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portable madness LP
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By BENJAMIN MILER on January 22, 2011
Format: VinylComment Sending feedback...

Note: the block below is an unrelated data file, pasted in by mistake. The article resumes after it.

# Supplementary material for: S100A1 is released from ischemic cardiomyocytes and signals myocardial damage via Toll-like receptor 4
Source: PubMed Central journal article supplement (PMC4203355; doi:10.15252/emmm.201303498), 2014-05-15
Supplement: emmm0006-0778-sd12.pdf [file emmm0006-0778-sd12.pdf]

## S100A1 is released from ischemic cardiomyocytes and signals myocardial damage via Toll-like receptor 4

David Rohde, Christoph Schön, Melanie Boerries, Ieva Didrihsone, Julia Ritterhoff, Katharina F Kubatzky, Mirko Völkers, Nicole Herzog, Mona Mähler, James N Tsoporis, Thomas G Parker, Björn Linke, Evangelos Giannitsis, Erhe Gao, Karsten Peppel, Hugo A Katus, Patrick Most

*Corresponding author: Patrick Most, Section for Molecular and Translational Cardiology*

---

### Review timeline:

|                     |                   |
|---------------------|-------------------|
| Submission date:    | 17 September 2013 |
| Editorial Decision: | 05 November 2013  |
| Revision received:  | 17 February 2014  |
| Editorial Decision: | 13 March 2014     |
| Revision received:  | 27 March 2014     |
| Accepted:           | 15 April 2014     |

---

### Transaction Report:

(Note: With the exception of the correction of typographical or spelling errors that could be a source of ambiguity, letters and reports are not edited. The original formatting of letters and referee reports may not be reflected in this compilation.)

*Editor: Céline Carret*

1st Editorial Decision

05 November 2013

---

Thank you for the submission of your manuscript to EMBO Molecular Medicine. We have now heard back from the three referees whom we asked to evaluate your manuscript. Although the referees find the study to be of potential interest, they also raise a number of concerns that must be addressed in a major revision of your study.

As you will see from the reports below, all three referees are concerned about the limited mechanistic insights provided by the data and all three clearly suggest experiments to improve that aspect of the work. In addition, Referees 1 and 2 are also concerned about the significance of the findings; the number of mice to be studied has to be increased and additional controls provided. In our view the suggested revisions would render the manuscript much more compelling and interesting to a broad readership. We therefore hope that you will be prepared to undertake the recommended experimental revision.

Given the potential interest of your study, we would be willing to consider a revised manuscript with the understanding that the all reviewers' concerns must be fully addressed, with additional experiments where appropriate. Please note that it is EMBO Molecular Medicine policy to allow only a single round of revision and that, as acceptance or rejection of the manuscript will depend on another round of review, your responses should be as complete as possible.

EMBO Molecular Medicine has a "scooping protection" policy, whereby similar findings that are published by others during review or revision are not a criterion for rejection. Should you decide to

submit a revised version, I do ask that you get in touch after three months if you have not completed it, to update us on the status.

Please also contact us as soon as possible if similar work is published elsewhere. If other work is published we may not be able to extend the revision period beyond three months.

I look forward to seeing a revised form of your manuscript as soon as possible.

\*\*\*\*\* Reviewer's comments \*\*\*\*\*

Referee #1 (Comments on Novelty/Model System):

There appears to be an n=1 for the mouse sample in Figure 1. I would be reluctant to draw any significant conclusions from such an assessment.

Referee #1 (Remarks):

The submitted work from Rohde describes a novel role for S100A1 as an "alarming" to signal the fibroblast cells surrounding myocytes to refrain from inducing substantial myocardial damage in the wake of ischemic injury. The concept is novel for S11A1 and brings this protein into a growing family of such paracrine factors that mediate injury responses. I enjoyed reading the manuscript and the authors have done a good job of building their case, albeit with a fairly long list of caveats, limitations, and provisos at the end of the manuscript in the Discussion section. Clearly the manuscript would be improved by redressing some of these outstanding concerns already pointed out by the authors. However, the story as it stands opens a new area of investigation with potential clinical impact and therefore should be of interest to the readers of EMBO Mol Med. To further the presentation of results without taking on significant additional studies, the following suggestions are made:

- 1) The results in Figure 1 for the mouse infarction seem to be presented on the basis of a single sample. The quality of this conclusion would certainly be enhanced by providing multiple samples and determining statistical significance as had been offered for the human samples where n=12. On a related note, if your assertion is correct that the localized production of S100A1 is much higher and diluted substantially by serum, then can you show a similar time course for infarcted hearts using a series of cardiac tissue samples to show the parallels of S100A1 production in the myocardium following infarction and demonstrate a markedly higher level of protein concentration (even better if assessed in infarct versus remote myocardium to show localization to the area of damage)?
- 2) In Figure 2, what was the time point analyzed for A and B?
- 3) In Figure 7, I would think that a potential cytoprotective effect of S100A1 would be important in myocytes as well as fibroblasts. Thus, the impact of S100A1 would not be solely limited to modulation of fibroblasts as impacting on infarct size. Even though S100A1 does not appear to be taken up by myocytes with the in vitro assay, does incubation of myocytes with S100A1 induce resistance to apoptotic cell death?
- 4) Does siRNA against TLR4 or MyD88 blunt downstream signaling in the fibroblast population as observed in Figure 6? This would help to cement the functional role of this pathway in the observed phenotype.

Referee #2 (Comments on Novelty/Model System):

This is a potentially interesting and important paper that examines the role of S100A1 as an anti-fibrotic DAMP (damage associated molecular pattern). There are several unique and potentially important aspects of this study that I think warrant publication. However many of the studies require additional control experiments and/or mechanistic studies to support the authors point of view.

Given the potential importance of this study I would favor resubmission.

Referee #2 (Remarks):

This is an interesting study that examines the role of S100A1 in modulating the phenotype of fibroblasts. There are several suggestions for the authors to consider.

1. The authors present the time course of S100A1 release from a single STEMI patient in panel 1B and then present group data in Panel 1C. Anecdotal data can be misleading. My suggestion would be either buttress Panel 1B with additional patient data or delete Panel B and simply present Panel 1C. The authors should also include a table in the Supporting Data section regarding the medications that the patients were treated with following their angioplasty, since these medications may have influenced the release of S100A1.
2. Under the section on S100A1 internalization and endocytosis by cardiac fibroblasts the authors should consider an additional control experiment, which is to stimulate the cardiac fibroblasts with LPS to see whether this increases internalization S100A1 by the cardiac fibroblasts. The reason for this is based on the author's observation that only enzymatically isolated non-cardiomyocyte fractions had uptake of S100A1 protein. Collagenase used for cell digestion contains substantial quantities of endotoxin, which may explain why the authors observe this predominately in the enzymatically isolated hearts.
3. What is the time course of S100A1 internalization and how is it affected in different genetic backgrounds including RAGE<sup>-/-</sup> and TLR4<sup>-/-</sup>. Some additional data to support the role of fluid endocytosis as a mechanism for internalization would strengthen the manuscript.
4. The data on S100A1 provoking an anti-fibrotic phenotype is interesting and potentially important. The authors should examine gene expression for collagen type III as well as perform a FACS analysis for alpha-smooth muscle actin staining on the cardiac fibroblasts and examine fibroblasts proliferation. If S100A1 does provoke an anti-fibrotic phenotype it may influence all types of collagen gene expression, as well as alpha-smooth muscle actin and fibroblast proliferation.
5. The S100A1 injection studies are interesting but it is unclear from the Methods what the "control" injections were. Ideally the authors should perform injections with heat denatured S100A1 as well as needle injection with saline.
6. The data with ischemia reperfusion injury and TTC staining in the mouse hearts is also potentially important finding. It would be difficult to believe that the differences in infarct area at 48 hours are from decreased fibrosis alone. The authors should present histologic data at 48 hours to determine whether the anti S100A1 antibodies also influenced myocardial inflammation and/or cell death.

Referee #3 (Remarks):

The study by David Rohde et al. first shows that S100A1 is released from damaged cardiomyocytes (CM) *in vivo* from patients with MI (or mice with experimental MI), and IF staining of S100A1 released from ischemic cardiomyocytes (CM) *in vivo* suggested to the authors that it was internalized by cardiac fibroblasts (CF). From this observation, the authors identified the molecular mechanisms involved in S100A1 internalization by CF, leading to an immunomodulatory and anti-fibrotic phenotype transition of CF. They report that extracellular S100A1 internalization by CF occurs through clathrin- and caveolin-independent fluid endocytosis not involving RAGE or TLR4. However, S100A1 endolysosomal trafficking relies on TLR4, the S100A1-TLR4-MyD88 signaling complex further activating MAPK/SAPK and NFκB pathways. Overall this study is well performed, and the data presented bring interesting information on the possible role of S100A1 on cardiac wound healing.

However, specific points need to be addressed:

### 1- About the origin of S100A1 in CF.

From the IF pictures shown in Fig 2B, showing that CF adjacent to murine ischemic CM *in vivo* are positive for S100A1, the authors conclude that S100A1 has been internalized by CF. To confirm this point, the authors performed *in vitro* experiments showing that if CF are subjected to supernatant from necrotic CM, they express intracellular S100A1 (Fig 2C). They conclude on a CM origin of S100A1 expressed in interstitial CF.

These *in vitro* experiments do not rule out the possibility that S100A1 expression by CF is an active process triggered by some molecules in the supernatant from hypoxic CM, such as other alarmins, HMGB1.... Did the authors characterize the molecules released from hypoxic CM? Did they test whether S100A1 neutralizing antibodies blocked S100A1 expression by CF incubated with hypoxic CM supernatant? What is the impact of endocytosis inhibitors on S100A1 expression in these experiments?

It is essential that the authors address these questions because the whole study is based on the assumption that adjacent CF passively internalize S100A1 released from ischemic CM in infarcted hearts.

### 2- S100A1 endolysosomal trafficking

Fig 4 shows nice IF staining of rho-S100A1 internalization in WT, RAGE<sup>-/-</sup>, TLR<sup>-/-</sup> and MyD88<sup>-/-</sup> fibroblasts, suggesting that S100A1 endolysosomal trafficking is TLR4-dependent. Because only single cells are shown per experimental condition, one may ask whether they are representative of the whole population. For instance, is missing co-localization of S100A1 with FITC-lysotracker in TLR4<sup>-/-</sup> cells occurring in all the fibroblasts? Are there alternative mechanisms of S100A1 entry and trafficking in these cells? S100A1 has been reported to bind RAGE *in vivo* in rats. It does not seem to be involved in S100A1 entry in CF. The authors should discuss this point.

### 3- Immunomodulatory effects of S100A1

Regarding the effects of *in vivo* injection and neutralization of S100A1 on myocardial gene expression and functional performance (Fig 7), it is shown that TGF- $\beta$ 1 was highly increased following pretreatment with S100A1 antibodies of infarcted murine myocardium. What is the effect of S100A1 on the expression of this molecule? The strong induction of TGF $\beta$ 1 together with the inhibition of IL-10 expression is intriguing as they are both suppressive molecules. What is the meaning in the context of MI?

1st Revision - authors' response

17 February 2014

1974's Portable Madness was Sensations' Fix's second album (barring the self-entitled album only available as a promo). Fragments of Light was, in all purpose, their official debut album, and it's a great album of spacy electronic and prog rock, although there are two vocal cuts showing that vocals aren't the group's high point. Fragments of Light seems to be more of a Franco Falsini solo album (he plays guitar, Moog, and Eminent 310), although on some of the cuts he gets help from Keith Edwards (an American) on drums, and former Campo di Marte bassist Richard Ursillo. Portable Madness, on the other hand, is a full band involvement, and what this album benefits from compared to all others: it's all instrumental! Vocals were never their strong point (listen to "Do You Love Me" from Fragments of Light and you'll know what I mean). Once again released on Polydor, and like Fragments of Light, the LP comes with a textured cover. From listening to this album, you can tell all three members get equal footing, and all the piece segue into each other. Guitar and synthesizer get equal footing too. I have noticed a couple cuts were rerecorded for their 1976 followup Finest Finger, that is "Strange About the Hands" (becoming "Strange About Your Hands") and "Leave My Chemistry Alone" (becomes "Finest Finger"), those remakes featured vocals where the originals did not. I really can't compare this to anyone else. Many compared it to Heldon, mainly because their leader, Franco Falsini doubles up on both guitar and synths, but Franco's approach is often much less elaborate than Heldon, and he doesn't use sequencers like Richard Pinhas (head guy of Heldon) often did. Fripp and Eno was the other comparison, but then they too had a big impact on Richard Pinhas as they did Franco Falsini.Read more ›
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